When Big Sister finally reached “town,” she didn’t know where to go. She happened upon a church and decided to stop there to ask for help because she had been taught religion, even though she’d never set foot in a church. When she went inside and told the pastor she needed help, the pastor called the police and the police informed her that sometime during the time that she was out walking, Pedophile Neighbor had kidnapped Little Sister and her lifeless body was found tossed in a ditch along the side of the road.
Characters will do what they will do. There’s nothing you can do about it.
Miller stated in his book that this is what is frustrating about being a writer.
He is right.
When I wrote this story for my class, my professor and my classmates criticized it ruthlessly. They told me to put it on a shelf and never look at it again. Because stuff like that “never happens” and “isn’t realistic.”
Oh yeah? Tell that to people who have lived it their whole lives. It’s more realistic than you would think. So, maybe most daughters of patriarchy aren’t sold to be the neighbor’s bride. Maybe most daughters of patriarchy aren’t murdered. Maybe most patriarchal fathers don’t forbid the family to interact with another member of the family. But these things are not outside the realm of possibility.
I’ve been thinking about characters and the fact that I’m the main character in my own story all day today.
The Bible talks about how God is writing a story about each of us as we live our stories.
Can you imagine how frustrating it would be to be God?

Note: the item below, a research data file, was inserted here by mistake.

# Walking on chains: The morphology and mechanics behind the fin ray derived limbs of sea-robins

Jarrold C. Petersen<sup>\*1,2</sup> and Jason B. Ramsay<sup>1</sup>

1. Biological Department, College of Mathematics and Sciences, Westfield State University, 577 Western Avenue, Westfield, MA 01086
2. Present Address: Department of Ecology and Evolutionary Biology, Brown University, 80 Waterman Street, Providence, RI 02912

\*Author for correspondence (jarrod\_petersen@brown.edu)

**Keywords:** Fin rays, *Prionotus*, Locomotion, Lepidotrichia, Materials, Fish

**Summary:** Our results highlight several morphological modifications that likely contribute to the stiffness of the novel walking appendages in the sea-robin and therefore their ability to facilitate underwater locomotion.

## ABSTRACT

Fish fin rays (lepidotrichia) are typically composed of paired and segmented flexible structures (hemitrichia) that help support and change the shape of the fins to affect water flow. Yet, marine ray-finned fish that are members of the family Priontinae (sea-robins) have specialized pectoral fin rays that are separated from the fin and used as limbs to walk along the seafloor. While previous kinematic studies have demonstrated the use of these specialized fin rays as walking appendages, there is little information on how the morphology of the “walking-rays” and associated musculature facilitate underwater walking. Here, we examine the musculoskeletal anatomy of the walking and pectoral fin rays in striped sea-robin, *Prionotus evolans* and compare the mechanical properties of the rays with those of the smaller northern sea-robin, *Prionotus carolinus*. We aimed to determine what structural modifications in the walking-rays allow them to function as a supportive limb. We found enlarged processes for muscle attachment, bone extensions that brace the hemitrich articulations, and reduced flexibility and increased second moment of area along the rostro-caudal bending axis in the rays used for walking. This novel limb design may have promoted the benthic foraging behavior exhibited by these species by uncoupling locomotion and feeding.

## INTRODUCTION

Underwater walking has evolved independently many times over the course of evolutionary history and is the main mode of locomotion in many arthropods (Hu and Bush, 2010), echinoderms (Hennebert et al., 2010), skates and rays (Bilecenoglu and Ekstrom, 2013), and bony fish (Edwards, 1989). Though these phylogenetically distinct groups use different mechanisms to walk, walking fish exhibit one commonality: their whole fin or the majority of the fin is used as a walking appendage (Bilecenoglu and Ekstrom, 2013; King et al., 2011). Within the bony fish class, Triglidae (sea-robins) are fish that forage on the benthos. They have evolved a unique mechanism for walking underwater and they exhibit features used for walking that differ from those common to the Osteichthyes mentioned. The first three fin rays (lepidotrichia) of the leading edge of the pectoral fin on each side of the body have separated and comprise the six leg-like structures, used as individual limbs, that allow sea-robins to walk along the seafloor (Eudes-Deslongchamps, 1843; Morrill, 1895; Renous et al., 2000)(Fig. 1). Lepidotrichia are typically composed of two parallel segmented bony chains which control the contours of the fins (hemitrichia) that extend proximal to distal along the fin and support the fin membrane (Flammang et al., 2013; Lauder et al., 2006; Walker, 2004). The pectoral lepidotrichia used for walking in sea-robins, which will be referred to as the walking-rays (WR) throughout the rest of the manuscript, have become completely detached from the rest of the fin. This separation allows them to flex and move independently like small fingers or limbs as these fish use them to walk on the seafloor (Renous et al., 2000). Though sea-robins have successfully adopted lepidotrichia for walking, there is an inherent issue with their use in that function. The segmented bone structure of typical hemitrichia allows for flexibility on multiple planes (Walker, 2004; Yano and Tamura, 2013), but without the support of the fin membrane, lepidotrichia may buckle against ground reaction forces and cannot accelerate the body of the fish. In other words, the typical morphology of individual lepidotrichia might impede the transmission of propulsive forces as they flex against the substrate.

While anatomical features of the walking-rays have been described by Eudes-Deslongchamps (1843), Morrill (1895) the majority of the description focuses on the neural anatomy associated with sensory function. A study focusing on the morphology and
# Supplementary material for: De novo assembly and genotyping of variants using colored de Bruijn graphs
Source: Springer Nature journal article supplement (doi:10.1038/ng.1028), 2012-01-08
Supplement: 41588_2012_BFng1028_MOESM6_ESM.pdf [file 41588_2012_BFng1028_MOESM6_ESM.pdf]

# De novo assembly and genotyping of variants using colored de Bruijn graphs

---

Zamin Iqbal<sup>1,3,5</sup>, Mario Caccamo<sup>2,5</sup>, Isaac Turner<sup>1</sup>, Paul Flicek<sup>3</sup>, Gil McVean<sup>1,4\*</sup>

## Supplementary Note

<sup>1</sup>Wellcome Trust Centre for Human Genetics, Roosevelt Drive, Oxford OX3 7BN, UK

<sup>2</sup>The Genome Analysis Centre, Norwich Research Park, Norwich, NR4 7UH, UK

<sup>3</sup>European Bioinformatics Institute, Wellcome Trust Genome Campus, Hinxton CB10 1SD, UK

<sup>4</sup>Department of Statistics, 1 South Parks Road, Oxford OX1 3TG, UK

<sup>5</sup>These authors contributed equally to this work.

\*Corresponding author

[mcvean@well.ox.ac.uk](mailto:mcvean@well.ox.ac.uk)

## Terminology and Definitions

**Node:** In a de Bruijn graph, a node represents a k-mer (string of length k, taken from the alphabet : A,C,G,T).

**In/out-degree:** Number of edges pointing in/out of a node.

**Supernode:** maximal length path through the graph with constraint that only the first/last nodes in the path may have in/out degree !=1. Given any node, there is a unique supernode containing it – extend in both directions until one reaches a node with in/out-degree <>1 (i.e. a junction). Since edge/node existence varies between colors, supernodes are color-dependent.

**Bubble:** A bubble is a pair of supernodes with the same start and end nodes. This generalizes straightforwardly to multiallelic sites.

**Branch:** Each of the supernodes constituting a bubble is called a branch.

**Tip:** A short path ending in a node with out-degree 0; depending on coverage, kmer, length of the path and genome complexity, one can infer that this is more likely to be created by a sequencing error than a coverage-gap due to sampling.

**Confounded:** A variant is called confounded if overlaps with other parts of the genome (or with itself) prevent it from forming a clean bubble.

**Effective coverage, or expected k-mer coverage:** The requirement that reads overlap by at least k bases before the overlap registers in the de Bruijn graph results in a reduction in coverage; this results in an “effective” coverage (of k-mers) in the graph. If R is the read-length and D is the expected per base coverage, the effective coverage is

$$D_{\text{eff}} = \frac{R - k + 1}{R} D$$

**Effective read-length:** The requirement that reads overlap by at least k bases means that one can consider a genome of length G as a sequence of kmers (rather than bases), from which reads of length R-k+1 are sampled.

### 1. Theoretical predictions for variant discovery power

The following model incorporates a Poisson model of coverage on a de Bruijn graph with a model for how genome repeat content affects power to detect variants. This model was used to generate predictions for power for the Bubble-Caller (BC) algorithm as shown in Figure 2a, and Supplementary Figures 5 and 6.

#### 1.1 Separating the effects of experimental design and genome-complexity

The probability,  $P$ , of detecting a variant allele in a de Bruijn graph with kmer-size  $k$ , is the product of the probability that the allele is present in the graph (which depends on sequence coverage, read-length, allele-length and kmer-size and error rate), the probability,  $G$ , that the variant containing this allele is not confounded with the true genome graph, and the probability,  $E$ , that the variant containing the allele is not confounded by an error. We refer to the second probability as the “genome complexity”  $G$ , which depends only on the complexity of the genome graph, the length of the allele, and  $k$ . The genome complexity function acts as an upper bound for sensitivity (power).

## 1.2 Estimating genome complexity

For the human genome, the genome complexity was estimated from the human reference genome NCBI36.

I can see Him up there with His scrolls and golden quill. He starts a sentence, but as He is writing, we do our thing — whatever “our thing” might be. He wants to write a beautiful, thrilling best-seller with our lives. But then we make choices. Sometimes our choices are things like getting high one too many times and getting sentenced to prison for several years, during which time, God has to put His script on the shelf for a while. Or, maybe we might be clinically depressed because of one thing or another, and we just can’t see a way out, so we abruptly end the story forever. Or it may be something as trivial as being too shy to speak to someone who will turn our mundane story into a thriller.
Our task in life is to allow God to write that best-seller. It requires being sensitive to His promptings. It requires obedience and laying down our little wishes and desires, our fears, habits and traditions for the sake of The Story.
How do you do that? I don’t know. I’m still learning.
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Mari is the middle of 5 kids — and the only girl — in a male-dominant, semi-quiverfull, rather patriarchal homeschooling family. She was raised in a patriarchal church and most of her social network as a child consisted of children of patriarchal or quiverfull families. This is the story of how she was sucked into the patriarchal/quiverfull belief system, and how she was lovingly (and in some cases, not so lovingly!) escorted out. Read her blog at: http://www.marismuses.wordpress.com
NLQ Recommended Reading …
‘Breaking Their Will: Shedding Light on Religious Child Maltreatment‘ by Janet Heimlich
‘Quivering Daughters‘ by Hillary McFarland
‘Quiverfull: Inside the Christian Patriarchy Movement‘ by Kathryn Joyce